This raises some interesting questions. Where is this school? What is it for? What do you learn there? What are the teaching methods? Who are the teachers? And where are classes held? How do you graduate? Is it true that the graduate programs are out of this world? The easiest question to answer is: who is the teacher? The answer is Jesus. Many times in the pages of the earliest biographies of Jesus he is called “Teacher”, and a couple of times he calls himself by the same title. But what is it that he teaches? What is the curriculum in this school Jesus is running? In the 1940s, Dorothy Sayers wrote a series of plays for radio based on the life of Jesus and called The Man Born to be King. In one of those plays she puts into the mouth of Mary Magdalene, one of Jesus’ first followers, the sort of thing Mary might have said to Jesus as she recalled the first time she met him: “Did you know? My friends and I came there that day to mock you. We thought you would be sour and grim, hating all beauty and treating life as an enemy. But when I saw you, I was amazed. You were the only person there who was really alive. The rest of us were going about half-dead—making the gestures of life, pretending to be real people. The life was not with us but with you—intense and shining, like the strong sun when it rises and turns the flames of our candles to pale smoke. And I wept and was ashamed, seeing myself such a thing of trash and tawdry. But when you spoke to me, I felt the flame of the sun in my heart. I came alive for the first time. And I love life all the more since I have learnt its meaning.” 
Sayers explains elsewhere: “What she sees in Jesus is the Life–the blazing light of living intensely.” What did Jesus come to teach? He said on one occasion, “I have come so that people might have life and have it in all its fullness!” Jesus is a teacher of life: he teaches us how to live as God’s person in God’s world in God’s way—and in the friendship of God. That is what people saw in Jesus. It is what gave him that unique quality of being fully alive; it is what attracted people like Mary to be his followers. They wanted to learn the life that they saw in Jesus. Then I want to ask: how do you learn this kind of life? Some time ago I received in the mail a Bible study guide with a picture of a very formal classroom on the cover: big desk, blackboard, books neatly arranged in the desk, clock on the wall. To be honest, I didn’t spend a lot of time with it, because it seemed to me the whole image was so deeply wrong. Jesus’ kind of learning never took place in a classroom with a blackboard and a big desk. The
That then raises the question of how we learn? Jesus has a specially vivid image for this:
“Come to me, all you that are weary and carrying heavy burdens, and I will give you rest. Take my yoke upon you and learn from me, for I am humble and gentle in heart, and you will find rest for your souls. For my yoke is easy and my burden is light.” (Matthew 11:28-30)
There in the centre of this saying of Jesus is his offer to be our teacher: “Come . . . Learn of me.” Then he gives us a powerful image to explain how we learn. He says, “Take my yoke upon you.” Before we came to
Well, we learn theory through such things as Scripture, sermons, small group discussions, and books. We learn by watching models of the Christian life—Jesus first and foremost, then models in Scripture and church history, but then too people we have known who have showed us what it means to live a life of Christian faith. Experimenting generally means risking something new. I don’t know what that will be for you. Jesus tailors the learning to the particular disciple. it may well involve such things as:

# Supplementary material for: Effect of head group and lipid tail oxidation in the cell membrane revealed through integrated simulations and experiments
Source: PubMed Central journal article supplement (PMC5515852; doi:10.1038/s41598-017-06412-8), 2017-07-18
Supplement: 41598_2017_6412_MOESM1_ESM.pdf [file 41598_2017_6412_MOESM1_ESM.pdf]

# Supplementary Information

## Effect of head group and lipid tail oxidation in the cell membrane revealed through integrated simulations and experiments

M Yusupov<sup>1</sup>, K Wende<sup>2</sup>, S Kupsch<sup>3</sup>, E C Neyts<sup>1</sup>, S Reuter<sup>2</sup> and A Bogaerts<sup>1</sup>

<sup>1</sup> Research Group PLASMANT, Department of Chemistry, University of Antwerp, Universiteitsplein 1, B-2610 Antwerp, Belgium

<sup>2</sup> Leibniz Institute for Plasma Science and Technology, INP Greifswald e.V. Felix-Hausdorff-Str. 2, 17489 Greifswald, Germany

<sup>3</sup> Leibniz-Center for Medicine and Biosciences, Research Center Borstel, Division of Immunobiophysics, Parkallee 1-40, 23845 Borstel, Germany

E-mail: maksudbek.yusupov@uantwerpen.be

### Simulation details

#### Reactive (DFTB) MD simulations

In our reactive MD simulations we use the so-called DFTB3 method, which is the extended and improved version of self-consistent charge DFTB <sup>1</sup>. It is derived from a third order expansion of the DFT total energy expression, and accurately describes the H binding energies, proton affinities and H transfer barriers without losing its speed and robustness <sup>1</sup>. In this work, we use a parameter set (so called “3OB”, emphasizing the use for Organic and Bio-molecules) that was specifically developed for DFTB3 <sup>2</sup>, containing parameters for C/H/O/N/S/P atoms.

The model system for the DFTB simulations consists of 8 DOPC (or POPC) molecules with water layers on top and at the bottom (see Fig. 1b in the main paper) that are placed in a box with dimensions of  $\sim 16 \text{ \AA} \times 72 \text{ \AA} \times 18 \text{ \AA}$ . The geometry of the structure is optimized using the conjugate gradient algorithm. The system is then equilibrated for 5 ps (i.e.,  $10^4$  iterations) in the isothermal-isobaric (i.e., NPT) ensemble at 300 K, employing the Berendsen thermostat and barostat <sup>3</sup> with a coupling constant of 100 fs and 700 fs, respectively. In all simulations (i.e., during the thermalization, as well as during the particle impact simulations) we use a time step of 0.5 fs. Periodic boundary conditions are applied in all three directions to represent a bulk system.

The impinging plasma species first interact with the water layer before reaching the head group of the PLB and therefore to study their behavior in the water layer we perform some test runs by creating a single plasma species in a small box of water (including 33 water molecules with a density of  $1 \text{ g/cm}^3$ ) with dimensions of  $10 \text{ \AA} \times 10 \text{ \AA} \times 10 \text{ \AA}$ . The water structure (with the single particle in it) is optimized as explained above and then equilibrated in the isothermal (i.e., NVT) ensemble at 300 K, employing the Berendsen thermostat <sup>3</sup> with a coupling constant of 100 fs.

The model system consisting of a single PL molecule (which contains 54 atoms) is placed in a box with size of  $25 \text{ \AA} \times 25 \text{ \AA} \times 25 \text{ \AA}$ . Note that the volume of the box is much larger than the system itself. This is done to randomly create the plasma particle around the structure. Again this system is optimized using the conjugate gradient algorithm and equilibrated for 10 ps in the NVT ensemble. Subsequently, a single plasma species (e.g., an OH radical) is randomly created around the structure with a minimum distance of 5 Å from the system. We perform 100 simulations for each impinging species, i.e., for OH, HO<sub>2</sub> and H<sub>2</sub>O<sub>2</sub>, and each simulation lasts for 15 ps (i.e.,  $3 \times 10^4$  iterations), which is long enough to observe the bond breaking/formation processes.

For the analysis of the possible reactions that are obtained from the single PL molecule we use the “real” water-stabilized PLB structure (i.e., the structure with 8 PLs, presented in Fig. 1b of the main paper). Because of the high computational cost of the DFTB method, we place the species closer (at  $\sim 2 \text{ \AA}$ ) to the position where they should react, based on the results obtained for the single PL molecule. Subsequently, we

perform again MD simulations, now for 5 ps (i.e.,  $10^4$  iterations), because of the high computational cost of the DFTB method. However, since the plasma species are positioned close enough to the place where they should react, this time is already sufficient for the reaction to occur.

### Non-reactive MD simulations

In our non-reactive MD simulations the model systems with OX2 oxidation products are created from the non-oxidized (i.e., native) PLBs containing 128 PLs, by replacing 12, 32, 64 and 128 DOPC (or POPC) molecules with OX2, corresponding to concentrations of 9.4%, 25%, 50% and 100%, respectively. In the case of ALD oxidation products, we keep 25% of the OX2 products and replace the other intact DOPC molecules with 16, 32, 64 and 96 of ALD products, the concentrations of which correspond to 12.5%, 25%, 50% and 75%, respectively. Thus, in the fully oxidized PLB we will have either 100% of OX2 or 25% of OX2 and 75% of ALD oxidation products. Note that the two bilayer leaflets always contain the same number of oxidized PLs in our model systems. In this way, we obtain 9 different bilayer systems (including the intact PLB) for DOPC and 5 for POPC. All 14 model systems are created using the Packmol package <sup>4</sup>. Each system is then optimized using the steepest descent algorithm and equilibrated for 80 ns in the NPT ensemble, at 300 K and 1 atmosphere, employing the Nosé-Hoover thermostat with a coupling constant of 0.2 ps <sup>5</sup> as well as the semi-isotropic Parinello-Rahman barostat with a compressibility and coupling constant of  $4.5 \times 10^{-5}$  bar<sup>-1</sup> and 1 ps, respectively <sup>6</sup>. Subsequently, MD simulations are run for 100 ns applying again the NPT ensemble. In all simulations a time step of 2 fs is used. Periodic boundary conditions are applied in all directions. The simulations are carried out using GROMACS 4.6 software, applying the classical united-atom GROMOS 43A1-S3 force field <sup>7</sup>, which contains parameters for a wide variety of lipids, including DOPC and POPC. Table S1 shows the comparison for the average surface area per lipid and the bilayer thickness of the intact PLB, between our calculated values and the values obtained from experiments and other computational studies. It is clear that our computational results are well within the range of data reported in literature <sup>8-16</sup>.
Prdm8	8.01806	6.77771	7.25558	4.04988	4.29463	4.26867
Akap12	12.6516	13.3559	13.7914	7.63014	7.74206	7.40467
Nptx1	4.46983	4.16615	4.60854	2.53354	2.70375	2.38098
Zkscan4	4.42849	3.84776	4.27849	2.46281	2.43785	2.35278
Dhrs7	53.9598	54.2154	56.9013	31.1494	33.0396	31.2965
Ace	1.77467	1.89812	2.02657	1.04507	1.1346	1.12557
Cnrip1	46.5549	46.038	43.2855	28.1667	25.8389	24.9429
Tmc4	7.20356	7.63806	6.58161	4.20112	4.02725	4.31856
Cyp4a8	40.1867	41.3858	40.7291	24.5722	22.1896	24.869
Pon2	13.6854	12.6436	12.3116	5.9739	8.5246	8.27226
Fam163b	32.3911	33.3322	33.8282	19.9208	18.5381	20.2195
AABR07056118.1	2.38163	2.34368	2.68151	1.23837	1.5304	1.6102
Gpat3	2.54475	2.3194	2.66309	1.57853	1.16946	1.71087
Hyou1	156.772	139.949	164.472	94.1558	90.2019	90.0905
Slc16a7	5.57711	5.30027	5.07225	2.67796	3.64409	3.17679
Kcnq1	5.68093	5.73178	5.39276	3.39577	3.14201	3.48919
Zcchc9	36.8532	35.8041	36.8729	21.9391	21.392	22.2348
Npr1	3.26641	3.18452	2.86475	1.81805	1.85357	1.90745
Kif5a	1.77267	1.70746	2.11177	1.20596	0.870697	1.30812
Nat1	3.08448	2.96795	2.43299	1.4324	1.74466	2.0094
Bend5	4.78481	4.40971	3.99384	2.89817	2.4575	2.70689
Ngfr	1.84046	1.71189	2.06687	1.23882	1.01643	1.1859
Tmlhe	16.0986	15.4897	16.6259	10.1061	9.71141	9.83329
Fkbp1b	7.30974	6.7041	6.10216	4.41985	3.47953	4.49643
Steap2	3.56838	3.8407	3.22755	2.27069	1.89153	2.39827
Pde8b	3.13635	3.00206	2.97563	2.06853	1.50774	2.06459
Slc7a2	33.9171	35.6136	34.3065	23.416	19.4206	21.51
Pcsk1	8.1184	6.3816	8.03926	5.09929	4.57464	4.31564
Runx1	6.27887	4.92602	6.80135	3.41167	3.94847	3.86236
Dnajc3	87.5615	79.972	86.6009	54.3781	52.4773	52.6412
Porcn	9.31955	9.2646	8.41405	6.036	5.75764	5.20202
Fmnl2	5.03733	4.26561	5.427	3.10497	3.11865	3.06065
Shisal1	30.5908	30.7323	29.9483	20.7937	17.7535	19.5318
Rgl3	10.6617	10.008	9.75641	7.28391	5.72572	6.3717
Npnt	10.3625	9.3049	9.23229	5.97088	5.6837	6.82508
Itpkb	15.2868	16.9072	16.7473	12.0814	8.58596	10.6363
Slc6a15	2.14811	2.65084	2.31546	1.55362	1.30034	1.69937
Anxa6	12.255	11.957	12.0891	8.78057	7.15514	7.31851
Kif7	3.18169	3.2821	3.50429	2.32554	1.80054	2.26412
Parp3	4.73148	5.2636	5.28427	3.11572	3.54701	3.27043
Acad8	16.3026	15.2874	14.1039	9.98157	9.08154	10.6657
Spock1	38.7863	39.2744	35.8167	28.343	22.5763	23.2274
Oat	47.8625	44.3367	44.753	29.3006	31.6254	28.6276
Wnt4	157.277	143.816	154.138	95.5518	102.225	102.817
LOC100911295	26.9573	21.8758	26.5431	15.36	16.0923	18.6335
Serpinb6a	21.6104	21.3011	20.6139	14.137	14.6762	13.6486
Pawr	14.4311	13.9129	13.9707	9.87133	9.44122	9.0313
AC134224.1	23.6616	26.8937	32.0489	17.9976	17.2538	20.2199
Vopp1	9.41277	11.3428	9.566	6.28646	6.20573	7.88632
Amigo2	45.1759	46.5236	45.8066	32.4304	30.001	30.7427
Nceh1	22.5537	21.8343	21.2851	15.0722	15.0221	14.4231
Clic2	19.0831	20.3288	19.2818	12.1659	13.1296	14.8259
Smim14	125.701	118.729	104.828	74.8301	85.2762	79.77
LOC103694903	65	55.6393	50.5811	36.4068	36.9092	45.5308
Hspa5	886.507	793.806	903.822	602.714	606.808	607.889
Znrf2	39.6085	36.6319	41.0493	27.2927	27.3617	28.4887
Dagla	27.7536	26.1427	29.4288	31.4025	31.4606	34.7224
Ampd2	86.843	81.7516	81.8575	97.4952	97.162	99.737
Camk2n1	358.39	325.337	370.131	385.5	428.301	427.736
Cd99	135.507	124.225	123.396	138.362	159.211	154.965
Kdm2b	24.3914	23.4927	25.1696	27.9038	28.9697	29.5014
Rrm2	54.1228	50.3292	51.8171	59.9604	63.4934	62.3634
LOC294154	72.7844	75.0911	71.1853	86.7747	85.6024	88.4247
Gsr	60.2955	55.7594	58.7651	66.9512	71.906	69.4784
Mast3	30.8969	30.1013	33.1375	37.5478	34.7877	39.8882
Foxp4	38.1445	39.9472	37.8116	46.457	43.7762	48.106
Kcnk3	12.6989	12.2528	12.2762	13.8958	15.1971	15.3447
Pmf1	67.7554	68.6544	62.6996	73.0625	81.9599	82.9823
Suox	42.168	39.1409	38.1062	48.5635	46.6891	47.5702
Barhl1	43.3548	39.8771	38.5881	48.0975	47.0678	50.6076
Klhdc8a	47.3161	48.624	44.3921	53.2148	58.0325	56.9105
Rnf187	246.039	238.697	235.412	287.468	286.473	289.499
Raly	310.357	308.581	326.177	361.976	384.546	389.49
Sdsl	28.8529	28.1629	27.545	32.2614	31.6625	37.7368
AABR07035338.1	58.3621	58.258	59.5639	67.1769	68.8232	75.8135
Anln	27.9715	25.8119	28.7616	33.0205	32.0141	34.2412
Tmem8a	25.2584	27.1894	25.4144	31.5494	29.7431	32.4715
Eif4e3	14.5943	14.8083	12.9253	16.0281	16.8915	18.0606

o learning to be generous with what we have—perhaps more generous than we feel comfortable with at first;o learning to express our anger in more constructive ways;o learning how to forgive;o learning to come alongside someone at work or at school who is a bit of a misfit;o Jesus the Teacher may also want to alter our career plans, or our retirement plans, or our holiday plans. Then there is evaluation: going over what we are learning with a friend or a mentor or a spiritual director. And all of this of course in an environment of Love: the safety of Jesus and the community of his followers. If this sounds daunting, it is important to note that there are encouragements here. For example, Jesus says he is a teacher who is gentle and humble. Many of us have had teachers who are not like that: they delighted in showing how clever they were, and in putting down their students’ mistakes. Jesus is the opposite: encouraging, nurturing, patient with our mistakes, taking time and trouble with us individually, to help us learn. Then too he says his yoke is “easy.” For anyone who has been a follower of Jesus more than about twenty-four hours, that sounds a little strange because being a Christian is often demanding. The original biographies of Jesus, from which this saying is taken, were written in Greek, the main language of Jesus’ world, and I am told that the Greek word for “easy” can be better translated “well-fitting.” Actually, we still use the word “easy” this way. If you are looking for a pair of new shoes, you might try a couple of pairs that really do not fit and then you find one that is just right, and you say, “That’s a really easy fit.” You mean the shoes are comfortable, they are right for you. This is the sense in which Jesus’ yoke is “easy”: it is well-fitting. After all, in those days, yokes were made one by one for individual oxen—there was no mass production. Jesus is saying, in effect, My yoke is made specially for you. There will be work and there will sometimes be difficulty—but the yoke will still be the one I made for you. When Jesus originally said these words, he was issuing an invitation. He begins this saying with the words, “Come to me!” That wasn’t a theoretical statement, and his hearers knew it. In my imagination, when he had finished, and the crowds were going home for supper, there were some who did not leave straight away. They pushed through the crowd and came up to Jesus, maybe a little hesitantly, and said something like this: “Jesus, you know what you said about being your student and sharing your yoke? I really think I’d like to do that. Is there some kind of application form? Do I have to get transcripts?” And whoever that person was, whatever they had done, wherever they had been in their spiritual journey, Jesus said (and in my imagination it’s with a big smile and outstretched arms), “That’s great. You’re welcome. We’re just going to have supper. Come eat with us and I’ll introduce you to the others.” In one sense, nothing has changed since that first day, if it is indeed true that Jesus has returned from death and is alive forever. So we can speak to him just as if he were present here in the flesh. The offer of becoming his student, learning to live as God’s person in God’s world in God’s way, still stands. And his invitation, “Come to me”, is just as real today as it was 2,000 years ago. And now just as then he waits to see what we will say. Let me offer you the sort of thing you may wish to say to Jesus in response to his invitation. If it makes sense to you, you may wish to echo these words silently in your heart to him.